1:  [BasicRestrictionPolicyFilter(RestrictionPolicyType = typeof(TemporalRestriction),   
2:                 Action = "UnavailableFeature",            
3:                 Controller = "Security",   
4:                 RouteName = SharedAreaRegistration.RouteName)]  
5:     [NotifiableRestrictionPolicyFilter(  
6:        RestrictionPolicyType = typeof(EnhancedSecurityRestriction),  
7:        RouteName = SharedAreaRegistration.RouteName,  
8:        MessageType = AlertMessageType.Notice,  
9:        LiteralMessage = "Sorry, you required an enhanced security ability to be active")]  
10:     [NavigationTrackerFilter(DomainObjectType = typeof(SomeApplication))]  
11:     public class ApplyController : BaseController {  
12:        [InjectionConstructor]  
13:        public ApplyController(ISomeService service) {  
14:           SomeService = service;  
15:        }  
16:        [PageFlow]  
17:        [MappingFilter(TargetType = typeof(DetailsViewModel))]  
18:        public ActionResult Start() {  
19:           return View(ViewData.Model);  
20:        }  
21:        [PageFlow(Order = 1)]  
22:        [MappingFilter(TargetType = typeof(DetailsViewModel))]  
23:        public ActionResult Details() {  
24:           return View(ViewData.Model);  
25:        }  
26:        [HttpPost]  
27:        [MappingFilter]   
28:        public ActionResult Details(DetailsViewModel details) {  
29:           if (ModelState.IsValid) return RedirectToAction("Confirmation");  
30:           return View(details);  
31:        }  
32:        [PageFlow(Order = 2)]  
33:        [MappingFilter(TargetType = typeof(SummaryViewModel))]  
34:        public ActionResult Confirmation() {  
35:           return View(ViewData.Model);  
36:        }  
37:        [HttpPost]  
38:        public ActionResult Confirmation(SummaryViewModel summary) {  
39:           SomeService.Order(GetTrackedHostedObject<SomeApplication>());  
40:           return RedirectToAction("Receipt");  
41:        }  
42:        [PageFlow(Order = 3)]  
43:        [MappingFilter(TargetType = typeof(SummaryViewModel))]  
44:        public ActionResult Receipt() {  
45:           return View(ViewData.Model);  
46:        }  
47:        private ISomeService SomeService { get; set; }  
48:     }  

I'll dissect some of this now.
1:  [BasicRestrictionPolicyFilter(RestrictionPolicyType = typeof(TemporalRestriction),   
2:                 Action = "UnavailableFeature",            
3:                 Controller = "Security",   
4:                 RouteName = SharedAreaRegistration.RouteName)]  
5:     [NotifiableRestrictionPolicyFilter(  
6:        RestrictionPolicyType = typeof(EnhancedSecurityRestriction),  
7:        RouteName = SharedAreaRegistration.RouteName,  
8:        MessageType = AlertMessageType.Notice,  
9:        LiteralMessage = "Sorry, you required an enhanced security ability to be active")]  


  • Lines 1-4: Association a controller scope basic policy filter with the Apply controller. This filter instantiates the policy type that is passed to it (TemporalRestriction), asks it if "everything is alright", and if not, redirects the current request to the Security controller, targeting the action "UnavailableFeature"
  • Lines 5-9: Employ a slightly more sophisticated restriction filter, which, on policy failure, redirects the user to a specific 'issues' view that can integrate with our CMS system or use a literal message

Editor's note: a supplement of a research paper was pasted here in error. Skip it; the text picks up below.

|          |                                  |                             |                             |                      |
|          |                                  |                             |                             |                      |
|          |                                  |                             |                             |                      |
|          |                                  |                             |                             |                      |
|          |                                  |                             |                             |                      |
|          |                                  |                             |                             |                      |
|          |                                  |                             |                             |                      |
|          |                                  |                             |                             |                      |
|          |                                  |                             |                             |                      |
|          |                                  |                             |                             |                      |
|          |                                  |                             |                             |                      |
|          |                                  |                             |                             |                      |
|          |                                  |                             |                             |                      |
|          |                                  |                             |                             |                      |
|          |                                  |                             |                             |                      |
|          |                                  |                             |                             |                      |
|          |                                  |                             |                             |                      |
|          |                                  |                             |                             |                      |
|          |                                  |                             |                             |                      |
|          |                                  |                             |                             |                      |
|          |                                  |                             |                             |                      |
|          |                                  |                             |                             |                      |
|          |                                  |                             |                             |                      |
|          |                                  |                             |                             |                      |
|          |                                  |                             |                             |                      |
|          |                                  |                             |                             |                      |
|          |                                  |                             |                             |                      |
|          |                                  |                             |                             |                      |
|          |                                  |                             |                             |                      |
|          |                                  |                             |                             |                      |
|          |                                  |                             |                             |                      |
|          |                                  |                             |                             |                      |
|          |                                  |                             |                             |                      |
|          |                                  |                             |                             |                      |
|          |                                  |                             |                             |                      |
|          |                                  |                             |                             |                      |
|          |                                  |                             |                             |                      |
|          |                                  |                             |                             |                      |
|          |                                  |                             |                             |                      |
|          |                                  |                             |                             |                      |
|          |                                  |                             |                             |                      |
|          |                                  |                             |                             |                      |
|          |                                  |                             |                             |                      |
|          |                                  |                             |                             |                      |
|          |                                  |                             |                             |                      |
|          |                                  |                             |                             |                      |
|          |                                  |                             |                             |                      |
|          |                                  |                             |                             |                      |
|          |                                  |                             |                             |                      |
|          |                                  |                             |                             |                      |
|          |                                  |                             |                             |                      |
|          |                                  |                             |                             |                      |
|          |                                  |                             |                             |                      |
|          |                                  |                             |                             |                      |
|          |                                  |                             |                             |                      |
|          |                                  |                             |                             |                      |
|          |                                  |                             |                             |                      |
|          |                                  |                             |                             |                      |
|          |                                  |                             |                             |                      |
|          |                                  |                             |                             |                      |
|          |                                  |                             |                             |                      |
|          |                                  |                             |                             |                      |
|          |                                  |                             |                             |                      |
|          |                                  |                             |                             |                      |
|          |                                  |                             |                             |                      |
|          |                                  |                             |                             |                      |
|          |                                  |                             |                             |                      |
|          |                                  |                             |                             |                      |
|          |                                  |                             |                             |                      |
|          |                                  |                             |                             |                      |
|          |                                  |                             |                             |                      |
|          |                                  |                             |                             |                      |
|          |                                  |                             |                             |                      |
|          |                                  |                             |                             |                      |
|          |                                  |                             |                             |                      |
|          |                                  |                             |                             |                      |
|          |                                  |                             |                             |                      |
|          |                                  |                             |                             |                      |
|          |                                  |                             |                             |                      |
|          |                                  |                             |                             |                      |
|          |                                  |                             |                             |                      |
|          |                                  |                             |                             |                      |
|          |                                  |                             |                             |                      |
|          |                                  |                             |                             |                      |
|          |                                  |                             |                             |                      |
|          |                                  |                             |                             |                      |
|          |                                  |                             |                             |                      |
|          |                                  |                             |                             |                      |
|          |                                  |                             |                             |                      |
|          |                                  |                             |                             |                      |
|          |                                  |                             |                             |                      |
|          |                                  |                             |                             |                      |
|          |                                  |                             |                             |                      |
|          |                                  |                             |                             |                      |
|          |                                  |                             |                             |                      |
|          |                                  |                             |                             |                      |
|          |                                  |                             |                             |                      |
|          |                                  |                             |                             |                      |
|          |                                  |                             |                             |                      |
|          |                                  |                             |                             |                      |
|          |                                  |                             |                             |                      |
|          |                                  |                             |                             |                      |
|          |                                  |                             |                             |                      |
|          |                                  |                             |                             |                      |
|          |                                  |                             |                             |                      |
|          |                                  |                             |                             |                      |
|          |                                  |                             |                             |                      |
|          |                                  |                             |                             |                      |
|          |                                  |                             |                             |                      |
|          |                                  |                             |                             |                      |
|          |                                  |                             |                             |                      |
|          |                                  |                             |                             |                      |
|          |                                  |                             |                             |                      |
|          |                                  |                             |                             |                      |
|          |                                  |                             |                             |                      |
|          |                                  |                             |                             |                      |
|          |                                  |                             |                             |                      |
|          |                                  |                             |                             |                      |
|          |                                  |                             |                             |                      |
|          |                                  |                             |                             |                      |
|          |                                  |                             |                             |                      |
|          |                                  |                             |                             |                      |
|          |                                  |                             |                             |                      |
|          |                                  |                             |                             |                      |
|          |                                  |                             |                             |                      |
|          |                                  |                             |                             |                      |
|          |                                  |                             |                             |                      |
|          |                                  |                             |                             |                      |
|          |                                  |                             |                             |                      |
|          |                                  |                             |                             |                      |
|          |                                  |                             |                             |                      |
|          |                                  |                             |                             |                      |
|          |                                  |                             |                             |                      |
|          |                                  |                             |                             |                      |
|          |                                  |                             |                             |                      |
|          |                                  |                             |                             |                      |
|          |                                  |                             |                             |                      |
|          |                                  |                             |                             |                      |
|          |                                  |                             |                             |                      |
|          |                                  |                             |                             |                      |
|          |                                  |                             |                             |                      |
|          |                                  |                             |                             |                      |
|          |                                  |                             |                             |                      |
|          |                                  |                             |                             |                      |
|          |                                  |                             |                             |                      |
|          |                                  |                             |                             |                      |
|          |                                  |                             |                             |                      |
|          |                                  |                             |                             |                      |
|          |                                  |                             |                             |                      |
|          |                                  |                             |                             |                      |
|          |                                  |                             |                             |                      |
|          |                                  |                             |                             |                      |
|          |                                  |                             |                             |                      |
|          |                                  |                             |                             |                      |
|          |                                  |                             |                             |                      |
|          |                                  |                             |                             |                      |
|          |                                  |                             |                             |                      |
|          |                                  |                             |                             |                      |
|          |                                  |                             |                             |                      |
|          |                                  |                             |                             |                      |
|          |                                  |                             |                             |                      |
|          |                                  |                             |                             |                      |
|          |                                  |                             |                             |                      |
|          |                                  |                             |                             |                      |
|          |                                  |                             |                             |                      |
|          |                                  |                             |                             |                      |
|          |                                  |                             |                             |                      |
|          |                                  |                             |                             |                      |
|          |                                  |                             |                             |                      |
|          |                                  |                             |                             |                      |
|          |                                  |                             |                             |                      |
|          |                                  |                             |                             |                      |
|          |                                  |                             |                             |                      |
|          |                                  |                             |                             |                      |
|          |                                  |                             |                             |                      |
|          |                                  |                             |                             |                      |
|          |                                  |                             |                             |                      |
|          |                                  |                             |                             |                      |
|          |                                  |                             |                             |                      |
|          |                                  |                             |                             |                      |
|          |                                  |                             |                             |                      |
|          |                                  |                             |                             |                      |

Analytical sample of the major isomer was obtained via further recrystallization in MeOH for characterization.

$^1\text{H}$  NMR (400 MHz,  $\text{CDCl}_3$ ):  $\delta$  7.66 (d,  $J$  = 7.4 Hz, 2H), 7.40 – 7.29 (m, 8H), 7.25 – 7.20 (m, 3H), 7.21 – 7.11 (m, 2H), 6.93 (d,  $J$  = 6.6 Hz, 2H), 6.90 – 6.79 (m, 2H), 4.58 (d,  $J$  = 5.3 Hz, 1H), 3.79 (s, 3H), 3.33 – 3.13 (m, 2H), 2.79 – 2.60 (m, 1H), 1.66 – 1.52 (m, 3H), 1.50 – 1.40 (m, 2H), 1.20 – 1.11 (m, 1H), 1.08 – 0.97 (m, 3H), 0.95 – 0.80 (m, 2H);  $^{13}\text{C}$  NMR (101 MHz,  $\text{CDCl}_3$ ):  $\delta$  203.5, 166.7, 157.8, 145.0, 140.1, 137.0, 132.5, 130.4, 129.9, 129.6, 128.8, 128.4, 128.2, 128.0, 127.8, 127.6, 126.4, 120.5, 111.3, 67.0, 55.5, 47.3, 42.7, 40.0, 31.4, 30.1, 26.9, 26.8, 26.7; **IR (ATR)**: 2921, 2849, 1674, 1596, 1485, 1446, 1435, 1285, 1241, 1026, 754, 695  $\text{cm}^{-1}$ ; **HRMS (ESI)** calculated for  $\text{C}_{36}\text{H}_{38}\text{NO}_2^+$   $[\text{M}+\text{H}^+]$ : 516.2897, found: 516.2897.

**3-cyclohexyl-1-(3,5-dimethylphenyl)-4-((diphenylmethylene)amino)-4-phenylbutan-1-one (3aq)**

This is all rather simple, but the mapping filter behaviour is marginally more complicated.

10:     [NavigationTrackerFilter(DomainObjectType = typeof(SomeApplication))]  
11:     public class ApplyController : BaseController {  
12:        [InjectionConstructor]  
13:        public ApplyController(ISomeService service) {  
14:           SomeService = service;  
15:        }    


  • Line 10: A controller scope navigation tracker filter is declared, that looks after a domain object of type SomeApplication. It's function is really just to ensure that the object exists in the distributed cache we have
  • Lines 11-15: Use Unity to inject a service that is required by the controller

16:        [PageFlow]  
17:        [MappingFilter(TargetType = typeof(DetailsViewModel))]  
18:        public ActionResult Start() {  
19:           return View(ViewData.Model);  
20:        }   

The Start action is the first in the simple workflow we have.


  • Line 16: PageFlow is a simple attribute, not a filter. It is used to support previous/next behaviour. Decorating actions in this fashion allows target actions for the base controller implemented next and previous actions to be inferred automatically. As is seen later in the controller, you can specify an 'order' property, to note the sequence in the workflow where an action 'resides'
  • Line 17: Request that the current domain model (managed by the navigation tracker filter) be mapped into a view model of type DetailsViewModel.
Things get more interesting when types can be inferred, as below:
26:        [HttpPost]  
27:        [MappingFilter]   
28:        public ActionResult Details(DetailsViewModel details) {  
29:           if (ModelState.IsValid) return RedirectToAction("Confirmation");  
30:           return View(details);  
31:        }    


  • Line 26: Note that this is a POST request
  • Line 27: Request mapping of the DetailsViewModel object to the existing Domain object - we know both these types, so no specification of them is necessary in the mapping filter declaration 

37:        [HttpPost]  
38:        public ActionResult Confirmation(SummaryViewModel summary) {  
39:           SomeService.Order(GetTrackedHostedObject<SomeApplication>());  
40:           return RedirectToAction("Receipt");  
41:        }   


  • Line 37: This is the client confirming that they wish to proceed
  • Line 39: Use our Unity injected service to place an order, supplying the domain object we have been tracking and updating.
Again, most of this is quite straightforward. But the mapping filter is performing a number of actions behind the scenes, including: